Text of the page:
We identified Self-ID for LGBT+ employees as a strategic priority for our diversity and inclusion efforts at the beginning of the 2000s (see our report Visibility Counts). We believe that investing in Self-ID has had, and will continue to have, a number of benefits for companies whether it is at the employee or Directors levels. First, it communicates to employees who are LGBT+ that our member companies know that they are here, that they are welcome in the organization, and that management wants to understand how their identity impacts their experience of working here. Additionally, by better understanding the demographic makeup of employees, companies make better strategic decisions in terms of recruitment and development and continue to deliver on their commitment to create inclusive organizations where people from diverse backgrounds are able to reach their potential and contribute to decisions.

Many forward-thinking enterprises began collecting sexual orientation data in some markets in the mid-2000s, and many of those have subsequently expanded their processes to cover more markets and to include gender identity. We know, however, that many large, sophisticated multinational organizations currently do not collect this information—in part because of the sensitivity of the subject matter, and in part because of perceived legal restrictions and operational complexity.

The goal of my outreach to corporate secretaries is to say: “this is possible, easy and a game-changer”.

LGBT+ self-identification is an important, fast-growing, but insufficiently understood practice that enables LGBT+ employees, as members of an invisible minority within the workforce, to raise their hands to be counted.

Why does representation on the Board matter?

A board of directors is an elected group of individuals that represent shareholders. The board is a governing body that typically meets several times of year – sometimes more – to set policies for corporate management and oversight. Every public company and non-profit must have a Board.

Because Boards deal with strategy and Governance, at Out Leadership, we strongly believe it is crucial for LGBTQ people that they start being represented on Corporate Boards. In fact, there are many relevant themes discussed by Boards today such as artificial intelligence which will have a gigantic impact on the LGBTQ community in the future. A certain number or percentage of LGBTQ+ in decision-making bodies is necessary for the promotion of LGBTQ+-sensitive decisions. It is as simple as that.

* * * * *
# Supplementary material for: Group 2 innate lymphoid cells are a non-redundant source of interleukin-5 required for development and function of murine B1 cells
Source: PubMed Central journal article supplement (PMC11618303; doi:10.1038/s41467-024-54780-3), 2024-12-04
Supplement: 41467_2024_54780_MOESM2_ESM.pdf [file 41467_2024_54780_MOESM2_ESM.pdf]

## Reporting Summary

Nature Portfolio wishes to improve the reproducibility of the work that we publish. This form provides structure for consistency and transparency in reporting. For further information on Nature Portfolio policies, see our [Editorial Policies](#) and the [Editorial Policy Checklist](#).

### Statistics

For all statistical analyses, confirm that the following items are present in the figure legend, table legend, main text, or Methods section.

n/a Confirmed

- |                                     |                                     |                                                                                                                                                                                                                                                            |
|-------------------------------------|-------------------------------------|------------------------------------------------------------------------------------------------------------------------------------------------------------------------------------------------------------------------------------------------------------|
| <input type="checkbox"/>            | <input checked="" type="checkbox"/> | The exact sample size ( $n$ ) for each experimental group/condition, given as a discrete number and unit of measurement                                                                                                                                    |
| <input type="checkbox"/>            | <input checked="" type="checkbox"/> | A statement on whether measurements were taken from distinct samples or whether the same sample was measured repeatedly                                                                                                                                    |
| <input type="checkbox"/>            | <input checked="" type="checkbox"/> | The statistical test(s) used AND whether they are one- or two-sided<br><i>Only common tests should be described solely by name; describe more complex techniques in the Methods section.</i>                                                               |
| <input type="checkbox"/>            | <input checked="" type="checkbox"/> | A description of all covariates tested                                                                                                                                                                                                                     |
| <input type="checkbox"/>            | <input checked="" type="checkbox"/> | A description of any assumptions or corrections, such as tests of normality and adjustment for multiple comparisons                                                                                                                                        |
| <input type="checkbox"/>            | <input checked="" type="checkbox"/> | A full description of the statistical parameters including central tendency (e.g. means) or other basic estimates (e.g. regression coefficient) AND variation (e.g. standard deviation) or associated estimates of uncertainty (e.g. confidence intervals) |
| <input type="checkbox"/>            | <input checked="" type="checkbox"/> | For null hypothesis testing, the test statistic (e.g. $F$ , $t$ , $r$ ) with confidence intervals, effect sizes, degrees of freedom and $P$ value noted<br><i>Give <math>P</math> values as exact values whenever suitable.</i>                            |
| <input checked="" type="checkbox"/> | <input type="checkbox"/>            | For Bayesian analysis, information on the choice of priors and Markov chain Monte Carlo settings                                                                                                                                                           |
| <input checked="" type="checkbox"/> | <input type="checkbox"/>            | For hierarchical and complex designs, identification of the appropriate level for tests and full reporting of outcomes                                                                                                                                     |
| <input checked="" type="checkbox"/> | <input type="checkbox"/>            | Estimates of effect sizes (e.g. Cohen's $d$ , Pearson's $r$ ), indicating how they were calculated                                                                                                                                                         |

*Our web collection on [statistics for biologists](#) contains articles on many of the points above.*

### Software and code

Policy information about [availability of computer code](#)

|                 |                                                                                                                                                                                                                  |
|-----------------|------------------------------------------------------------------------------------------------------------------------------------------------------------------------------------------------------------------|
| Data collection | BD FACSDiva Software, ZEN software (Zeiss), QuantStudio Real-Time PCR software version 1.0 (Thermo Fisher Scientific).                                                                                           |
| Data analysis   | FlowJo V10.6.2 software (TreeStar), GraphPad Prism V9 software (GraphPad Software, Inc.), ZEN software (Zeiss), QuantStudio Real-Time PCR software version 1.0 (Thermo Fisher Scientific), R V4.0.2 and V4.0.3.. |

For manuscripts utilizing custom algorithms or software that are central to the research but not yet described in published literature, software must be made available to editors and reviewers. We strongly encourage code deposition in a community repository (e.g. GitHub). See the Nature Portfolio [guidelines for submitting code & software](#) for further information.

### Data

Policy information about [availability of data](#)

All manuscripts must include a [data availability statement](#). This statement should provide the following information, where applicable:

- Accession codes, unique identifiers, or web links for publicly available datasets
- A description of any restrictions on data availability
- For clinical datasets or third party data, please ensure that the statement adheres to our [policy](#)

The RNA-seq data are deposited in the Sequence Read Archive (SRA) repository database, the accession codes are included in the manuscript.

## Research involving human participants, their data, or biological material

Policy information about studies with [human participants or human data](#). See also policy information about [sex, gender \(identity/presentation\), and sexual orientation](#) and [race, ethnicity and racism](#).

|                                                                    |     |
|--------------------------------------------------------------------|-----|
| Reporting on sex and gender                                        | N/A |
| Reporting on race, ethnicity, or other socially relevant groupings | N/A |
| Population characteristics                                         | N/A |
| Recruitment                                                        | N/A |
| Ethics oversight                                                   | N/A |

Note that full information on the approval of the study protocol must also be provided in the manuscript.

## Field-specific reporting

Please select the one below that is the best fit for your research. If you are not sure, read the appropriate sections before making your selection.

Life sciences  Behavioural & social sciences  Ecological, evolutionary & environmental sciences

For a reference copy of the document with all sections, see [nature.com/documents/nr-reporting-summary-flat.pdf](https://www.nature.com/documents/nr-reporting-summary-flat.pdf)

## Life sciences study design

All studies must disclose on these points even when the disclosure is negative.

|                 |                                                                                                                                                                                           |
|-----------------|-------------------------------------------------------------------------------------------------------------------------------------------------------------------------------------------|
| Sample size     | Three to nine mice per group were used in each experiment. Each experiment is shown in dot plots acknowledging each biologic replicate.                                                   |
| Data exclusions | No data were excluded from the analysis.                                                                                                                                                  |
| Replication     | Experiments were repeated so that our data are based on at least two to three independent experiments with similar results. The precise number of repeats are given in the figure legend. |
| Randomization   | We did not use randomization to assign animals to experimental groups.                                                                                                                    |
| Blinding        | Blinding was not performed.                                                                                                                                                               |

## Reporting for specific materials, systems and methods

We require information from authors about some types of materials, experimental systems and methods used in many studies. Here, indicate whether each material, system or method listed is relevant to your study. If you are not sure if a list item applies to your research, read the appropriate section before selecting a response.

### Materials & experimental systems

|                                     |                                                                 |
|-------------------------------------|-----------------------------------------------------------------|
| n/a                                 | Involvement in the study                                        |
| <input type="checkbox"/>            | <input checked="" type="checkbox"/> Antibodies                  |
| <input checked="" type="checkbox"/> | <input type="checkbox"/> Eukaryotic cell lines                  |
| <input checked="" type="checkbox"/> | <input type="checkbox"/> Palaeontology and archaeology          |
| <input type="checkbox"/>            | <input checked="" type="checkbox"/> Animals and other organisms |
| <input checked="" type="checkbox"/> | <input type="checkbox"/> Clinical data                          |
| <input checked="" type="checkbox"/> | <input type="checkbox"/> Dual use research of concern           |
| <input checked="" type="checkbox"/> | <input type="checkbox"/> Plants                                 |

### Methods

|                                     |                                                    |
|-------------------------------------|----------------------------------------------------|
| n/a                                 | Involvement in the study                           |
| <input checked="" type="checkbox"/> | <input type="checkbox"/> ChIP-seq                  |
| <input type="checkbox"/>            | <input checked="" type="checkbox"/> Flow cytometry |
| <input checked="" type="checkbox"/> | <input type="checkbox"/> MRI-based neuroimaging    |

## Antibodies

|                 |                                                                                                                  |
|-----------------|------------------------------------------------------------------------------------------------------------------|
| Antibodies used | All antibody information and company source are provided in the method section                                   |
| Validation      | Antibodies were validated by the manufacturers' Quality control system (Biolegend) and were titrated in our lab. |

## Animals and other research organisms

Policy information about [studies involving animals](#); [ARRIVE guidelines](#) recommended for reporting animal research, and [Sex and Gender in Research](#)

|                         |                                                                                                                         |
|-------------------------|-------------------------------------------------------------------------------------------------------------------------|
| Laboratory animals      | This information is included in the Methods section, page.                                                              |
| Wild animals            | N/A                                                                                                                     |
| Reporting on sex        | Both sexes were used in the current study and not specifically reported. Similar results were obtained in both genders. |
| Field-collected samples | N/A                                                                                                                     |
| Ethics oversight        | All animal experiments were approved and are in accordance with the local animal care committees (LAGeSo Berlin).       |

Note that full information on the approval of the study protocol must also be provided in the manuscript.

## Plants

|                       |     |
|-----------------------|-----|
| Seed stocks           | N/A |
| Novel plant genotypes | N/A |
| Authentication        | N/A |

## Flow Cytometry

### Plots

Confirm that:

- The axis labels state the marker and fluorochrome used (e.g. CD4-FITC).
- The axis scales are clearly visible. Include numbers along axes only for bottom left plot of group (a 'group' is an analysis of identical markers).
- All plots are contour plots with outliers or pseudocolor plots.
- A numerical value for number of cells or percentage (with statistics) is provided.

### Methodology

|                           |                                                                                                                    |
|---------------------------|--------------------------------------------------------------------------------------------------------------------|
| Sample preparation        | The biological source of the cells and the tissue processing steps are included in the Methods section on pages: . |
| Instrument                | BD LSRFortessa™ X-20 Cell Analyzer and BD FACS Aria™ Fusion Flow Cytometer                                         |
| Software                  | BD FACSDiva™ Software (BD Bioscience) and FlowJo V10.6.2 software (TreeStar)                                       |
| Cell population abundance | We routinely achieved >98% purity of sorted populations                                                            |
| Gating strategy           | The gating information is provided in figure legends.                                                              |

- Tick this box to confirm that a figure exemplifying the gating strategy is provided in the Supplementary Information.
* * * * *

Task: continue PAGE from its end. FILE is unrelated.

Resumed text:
It is not only a question of social justice and fairness but it is mostly about ensuring that we are shaping a future that takes LGBTQ+ needs in consideration. In addition, having a diverse perspective can lead to better outcomes (see my previous article on whether decisions would be different if LGBT people were adequately represented in Politics, Boardrooms, Sr. Management, or International Organizations).

So what’s next?

Independently of regulations and mandates, Out Leadership’s Quorum – the only database of aspiring Board Members which have agreed to be tagged as LGBTQ+ – will continue to collect profiles of talented and board-ready LGBTQ+ candidates and offer them to search teams and nominating and governance committees. We will also work with the talent in our database to ensure they position themselves to get these Board seats through networking, acquiring skills and marketing their profiles.

Whether our efforts will result in an increase in the percentage of LGBTQ+ Board members is dependent on many factors, such as whether companies are willing to broaden their requirements (today they mostly rely on CEO, CFO and existing Board members), whether they will implement our self-ID suggestions and whether search teams and NomGov Committees will respond to our outreach.

As a first step in February, we will host the first of its kind four day virtual Quorum summit addressing corporate board diversity. The Summit will include 6 different sessions ranging from a whole host of themes and discussion points related to corporate board diversity. We hope you can join us so we make sure 2021 is the year LGBTQ+ people start getting their fair share of Board seats.